Ash-killing beetle found in Broomfield

Agriculture officials consider ending Boulder County quarantine

Staff Report
Posted 8/28/19

The Colorado and U.S. departments of agriculture could move to end a Boulder County-centric quarantine designed to slow the spread of the Emerald Ash Borer beetle after it was discovered this month …

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Ash-killing beetle found in Broomfield

Agriculture officials consider ending Boulder County quarantine

Posted

The Colorado and U.S. departments of agriculture could move to end a Boulder County-centric quarantine designed to slow the spread of the Emerald Ash Borer beetle after it was discovered this month in Broomfield.

USDA Animal and Plant Health Inspection Service and state Department of Agriculture could end the quarantine this winter, saying that other means are now in place to help slow the spread of EAB in Colorado. Those include treating ash trees with ash-borer killing pesticides and releasing other bugs that prey on ash borers.

“The primary purpose of this quarantine has been to slow the spread of EAB in Colorado, and we believe this is one reason it’s taken so long for the pest to be confirmed outside Boulder County,” said Laura Pottorff, a plant health and certification section chief for the state agriculture department and lead member of the Colorado EAB Response Team. “Based on recent data from the eastern U.S., our expectation is that EAB cannot be prevented from leaving the quarantine. We’re just glad we’ve given Front Range communities more time to better plan and prepare for its arrival.”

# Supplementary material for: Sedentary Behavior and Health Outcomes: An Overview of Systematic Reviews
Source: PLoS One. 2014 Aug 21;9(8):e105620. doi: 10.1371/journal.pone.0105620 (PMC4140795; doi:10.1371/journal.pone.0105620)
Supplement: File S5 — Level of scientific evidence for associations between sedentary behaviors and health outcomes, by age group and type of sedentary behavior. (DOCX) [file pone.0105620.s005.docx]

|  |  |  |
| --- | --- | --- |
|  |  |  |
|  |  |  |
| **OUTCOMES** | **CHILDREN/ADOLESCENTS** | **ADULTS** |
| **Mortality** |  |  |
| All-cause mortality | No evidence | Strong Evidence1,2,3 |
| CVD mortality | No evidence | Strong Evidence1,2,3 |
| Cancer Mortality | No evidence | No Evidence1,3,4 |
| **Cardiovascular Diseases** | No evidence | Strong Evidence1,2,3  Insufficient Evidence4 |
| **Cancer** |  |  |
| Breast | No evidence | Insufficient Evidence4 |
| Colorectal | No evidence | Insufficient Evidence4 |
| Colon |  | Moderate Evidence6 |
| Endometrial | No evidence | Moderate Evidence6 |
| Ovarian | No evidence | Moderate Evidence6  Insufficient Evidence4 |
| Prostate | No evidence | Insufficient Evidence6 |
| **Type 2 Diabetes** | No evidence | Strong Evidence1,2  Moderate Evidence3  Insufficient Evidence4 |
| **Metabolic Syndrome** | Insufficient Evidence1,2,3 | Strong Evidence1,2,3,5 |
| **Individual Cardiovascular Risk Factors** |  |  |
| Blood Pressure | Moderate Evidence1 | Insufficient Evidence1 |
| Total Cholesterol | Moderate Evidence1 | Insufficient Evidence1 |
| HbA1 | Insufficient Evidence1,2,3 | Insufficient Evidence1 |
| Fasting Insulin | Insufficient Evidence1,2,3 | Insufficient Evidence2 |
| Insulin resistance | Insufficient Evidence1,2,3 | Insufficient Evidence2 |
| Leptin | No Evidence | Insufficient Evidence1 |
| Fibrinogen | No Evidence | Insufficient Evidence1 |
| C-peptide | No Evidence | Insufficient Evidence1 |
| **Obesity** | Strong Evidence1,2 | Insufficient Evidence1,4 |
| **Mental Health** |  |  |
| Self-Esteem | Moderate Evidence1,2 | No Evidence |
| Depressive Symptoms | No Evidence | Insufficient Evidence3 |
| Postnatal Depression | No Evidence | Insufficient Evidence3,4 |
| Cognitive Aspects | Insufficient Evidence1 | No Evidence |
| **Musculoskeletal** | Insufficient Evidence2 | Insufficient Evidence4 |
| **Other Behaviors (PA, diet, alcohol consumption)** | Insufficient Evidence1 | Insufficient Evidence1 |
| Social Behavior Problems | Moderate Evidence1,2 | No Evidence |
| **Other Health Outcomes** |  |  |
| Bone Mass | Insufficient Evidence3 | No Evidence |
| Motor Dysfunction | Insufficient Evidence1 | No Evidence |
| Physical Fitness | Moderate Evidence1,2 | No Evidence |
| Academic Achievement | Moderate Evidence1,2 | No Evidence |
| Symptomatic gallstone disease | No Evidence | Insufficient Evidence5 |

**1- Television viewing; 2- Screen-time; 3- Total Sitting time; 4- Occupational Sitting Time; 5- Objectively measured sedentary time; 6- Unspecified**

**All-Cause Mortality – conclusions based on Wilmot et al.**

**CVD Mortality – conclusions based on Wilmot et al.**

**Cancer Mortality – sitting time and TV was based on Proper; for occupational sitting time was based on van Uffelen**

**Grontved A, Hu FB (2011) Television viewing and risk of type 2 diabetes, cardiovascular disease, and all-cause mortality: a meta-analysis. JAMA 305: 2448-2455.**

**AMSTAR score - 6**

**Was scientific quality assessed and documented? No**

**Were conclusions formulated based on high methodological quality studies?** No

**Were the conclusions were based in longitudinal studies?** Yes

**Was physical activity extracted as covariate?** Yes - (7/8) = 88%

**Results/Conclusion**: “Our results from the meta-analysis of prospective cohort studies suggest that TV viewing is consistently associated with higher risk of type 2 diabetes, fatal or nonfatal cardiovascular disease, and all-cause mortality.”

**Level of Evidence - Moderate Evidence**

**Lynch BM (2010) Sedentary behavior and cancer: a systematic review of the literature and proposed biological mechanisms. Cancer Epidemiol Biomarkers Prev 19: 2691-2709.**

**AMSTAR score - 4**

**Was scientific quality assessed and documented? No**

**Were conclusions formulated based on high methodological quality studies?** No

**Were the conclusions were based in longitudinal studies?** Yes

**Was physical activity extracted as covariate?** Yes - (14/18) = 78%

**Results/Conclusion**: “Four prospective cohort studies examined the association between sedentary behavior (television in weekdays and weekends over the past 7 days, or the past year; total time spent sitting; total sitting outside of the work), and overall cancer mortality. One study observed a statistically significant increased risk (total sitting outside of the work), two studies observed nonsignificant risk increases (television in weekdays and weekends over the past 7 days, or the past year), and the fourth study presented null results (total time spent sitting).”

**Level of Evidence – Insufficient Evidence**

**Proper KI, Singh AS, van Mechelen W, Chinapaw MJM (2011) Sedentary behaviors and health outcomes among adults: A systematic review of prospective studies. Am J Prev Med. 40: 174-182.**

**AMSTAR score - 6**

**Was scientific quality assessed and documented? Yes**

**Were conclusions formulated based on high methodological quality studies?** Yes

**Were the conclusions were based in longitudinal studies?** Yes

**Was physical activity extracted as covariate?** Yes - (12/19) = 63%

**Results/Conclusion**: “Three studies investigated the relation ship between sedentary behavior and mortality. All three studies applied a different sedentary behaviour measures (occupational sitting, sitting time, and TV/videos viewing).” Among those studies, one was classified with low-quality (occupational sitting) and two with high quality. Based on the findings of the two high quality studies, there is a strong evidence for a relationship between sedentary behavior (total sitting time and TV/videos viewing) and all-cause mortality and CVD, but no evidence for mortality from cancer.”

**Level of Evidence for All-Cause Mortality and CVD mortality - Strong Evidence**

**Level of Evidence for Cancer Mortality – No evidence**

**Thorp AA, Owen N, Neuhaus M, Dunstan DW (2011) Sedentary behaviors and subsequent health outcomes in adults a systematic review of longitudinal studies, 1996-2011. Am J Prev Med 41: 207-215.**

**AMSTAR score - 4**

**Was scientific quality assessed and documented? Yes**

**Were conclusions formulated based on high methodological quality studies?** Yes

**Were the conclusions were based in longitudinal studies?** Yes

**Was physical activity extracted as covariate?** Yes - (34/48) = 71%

The Emerald Ash Borer is a non-native wood-boring beetle responsible for the death and decline of tens of millions of ash trees in the United States and Canada. As a non-native insect, it lacks predators to keep it in check.

It was first discovered in the U.S. in Michigan in 2002 and has been detected in Boulder, Gunbarrel and Longmont since 2013. The pest was found on private land in the vicinity of in Lafayette in 2017. That was still within the quarantine.

The state forest service began the quarantine around Boulder County in 2013 to help prevent human-assisted spread of the pest.

Property owners with ash trees should be on the lookout for thinning of leaves in the upper tree canopy, 1/8-inch D-shaped holes on the bark and vertical bark splitting with winding S-shaped tunnels underneath. People that find suspicious trees should report them by calling the Colorado Department of Agriculture at 1-888-248-5535 or filling out the EAB Report Form at https://www.colorado.gov/pacific/agplants/eab-identification-and-reporting.

This newest find is the first outside of the Boulder County quarantine. It was found near 136th Avenue and Main Street, but state agriculture officials don’t know if it spread there naturally — the beetles can spread a half-mile each year on their own — or if it was brought in by people accidentally, on firewood or infected ash bark.

The state estimates that at least 15 percent of all urban and community trees in Colorado are ash species that are susceptible to being killed by beetles. Most of those are located on private land.

“It’s not shocking that Emerald Ash Borer was found in Broomfield County, given its proximity to Boulder County,” said Matthew Johnson, of ArborScape Services, a local tree and landscaping service.

He urged residents in the area to know if they have ash trees on their property and plan for the bugs to continue spreading south.

“From our experience, it won’t take very long to ID ash trees victimized by EAB. Once you find the beetle, it becomes easier to find infested specimens, usually right in the neighborhood of discovery,” Johnson said.

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